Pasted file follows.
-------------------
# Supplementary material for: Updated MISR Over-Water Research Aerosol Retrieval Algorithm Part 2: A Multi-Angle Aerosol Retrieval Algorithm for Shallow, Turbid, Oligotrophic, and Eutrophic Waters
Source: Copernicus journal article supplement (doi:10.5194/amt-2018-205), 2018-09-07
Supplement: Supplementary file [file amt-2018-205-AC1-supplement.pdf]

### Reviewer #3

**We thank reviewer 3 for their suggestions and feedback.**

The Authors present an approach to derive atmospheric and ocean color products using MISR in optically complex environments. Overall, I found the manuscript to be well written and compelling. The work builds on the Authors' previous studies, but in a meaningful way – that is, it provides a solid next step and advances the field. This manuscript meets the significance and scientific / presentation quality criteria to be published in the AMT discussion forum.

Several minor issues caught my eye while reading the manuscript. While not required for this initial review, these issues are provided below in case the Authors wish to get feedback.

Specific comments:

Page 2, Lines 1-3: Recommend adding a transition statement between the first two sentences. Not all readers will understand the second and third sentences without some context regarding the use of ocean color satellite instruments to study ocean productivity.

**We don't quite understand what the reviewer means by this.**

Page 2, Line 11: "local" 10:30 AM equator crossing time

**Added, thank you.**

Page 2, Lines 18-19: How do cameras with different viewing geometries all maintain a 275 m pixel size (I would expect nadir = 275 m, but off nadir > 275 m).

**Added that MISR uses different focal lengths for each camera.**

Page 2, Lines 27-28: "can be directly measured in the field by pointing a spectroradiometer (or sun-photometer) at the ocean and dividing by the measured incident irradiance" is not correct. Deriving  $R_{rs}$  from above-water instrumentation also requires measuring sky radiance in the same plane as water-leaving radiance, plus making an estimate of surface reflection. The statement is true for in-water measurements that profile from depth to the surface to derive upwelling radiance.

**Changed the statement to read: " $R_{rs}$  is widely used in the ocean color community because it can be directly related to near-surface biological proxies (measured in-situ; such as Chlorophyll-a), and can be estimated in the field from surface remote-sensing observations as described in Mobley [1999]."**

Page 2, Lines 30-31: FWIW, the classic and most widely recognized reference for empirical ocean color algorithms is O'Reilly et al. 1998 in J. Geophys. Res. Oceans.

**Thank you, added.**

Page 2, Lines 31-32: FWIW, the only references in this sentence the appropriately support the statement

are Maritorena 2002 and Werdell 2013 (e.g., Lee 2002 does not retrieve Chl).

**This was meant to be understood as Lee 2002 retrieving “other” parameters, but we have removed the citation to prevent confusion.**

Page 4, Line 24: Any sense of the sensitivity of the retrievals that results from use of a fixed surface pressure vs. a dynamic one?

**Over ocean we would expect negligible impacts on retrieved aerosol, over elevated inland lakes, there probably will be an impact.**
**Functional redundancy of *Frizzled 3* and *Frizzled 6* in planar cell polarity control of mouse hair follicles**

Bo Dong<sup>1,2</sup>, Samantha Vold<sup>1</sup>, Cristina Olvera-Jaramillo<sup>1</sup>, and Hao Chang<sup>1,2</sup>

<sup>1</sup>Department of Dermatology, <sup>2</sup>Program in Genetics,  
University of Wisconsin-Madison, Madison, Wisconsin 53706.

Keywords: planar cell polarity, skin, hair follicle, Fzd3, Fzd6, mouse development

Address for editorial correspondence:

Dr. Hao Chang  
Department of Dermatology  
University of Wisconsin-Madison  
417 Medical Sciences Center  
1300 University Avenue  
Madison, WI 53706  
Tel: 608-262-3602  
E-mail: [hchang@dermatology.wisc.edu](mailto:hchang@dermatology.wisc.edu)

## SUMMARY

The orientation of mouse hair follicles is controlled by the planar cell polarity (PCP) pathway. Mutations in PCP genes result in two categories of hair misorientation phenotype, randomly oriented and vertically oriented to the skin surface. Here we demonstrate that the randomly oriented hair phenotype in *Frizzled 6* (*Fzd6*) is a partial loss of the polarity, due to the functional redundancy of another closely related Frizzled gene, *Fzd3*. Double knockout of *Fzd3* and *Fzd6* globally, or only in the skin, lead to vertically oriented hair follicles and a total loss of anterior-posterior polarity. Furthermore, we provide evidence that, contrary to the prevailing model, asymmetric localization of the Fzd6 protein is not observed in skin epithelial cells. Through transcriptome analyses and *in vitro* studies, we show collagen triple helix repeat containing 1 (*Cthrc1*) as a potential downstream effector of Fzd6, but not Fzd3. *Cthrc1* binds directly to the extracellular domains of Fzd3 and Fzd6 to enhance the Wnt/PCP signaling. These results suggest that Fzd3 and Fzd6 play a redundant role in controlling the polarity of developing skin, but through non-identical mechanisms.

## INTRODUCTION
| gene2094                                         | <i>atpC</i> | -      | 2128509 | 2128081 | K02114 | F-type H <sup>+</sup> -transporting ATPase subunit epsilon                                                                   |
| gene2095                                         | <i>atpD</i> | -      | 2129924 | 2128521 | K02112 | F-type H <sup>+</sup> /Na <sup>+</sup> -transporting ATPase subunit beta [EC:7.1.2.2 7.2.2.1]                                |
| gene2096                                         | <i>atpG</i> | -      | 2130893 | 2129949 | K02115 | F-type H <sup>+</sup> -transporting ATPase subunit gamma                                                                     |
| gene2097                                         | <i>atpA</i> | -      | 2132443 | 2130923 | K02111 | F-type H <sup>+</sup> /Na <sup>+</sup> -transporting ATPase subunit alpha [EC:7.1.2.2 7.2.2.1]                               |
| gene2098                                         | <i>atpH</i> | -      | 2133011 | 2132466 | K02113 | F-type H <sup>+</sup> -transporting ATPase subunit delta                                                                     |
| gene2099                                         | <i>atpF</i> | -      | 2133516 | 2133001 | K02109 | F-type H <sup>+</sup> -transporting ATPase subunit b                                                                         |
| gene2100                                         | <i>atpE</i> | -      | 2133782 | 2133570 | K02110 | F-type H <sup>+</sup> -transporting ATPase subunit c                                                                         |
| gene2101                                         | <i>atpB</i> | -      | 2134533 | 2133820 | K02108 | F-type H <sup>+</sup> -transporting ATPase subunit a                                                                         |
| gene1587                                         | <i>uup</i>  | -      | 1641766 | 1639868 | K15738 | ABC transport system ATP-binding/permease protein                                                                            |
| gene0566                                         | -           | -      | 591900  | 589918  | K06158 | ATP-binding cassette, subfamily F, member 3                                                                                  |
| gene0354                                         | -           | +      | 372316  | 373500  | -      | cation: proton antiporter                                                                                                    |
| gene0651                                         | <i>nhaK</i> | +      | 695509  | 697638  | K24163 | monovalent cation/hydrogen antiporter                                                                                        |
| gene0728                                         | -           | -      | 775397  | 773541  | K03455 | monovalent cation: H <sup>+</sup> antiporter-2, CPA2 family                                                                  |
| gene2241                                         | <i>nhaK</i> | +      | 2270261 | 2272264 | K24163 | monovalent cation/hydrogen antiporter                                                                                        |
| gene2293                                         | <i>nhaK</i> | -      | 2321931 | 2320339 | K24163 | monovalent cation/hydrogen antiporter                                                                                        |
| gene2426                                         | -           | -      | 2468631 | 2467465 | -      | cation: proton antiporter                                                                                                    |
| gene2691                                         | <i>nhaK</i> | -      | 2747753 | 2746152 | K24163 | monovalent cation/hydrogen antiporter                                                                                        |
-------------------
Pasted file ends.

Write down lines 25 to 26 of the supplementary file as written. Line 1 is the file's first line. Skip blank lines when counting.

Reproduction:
Bo Dong<sup>1,2</sup>, Samantha Vold<sup>1</sup>, Cristina Olvera-Jaramillo<sup>1</sup>, and Hao Chang<sup>1,2</sup>

<sup>1</sup>Department of Dermatology, <sup>2</sup>Program in Genetics,  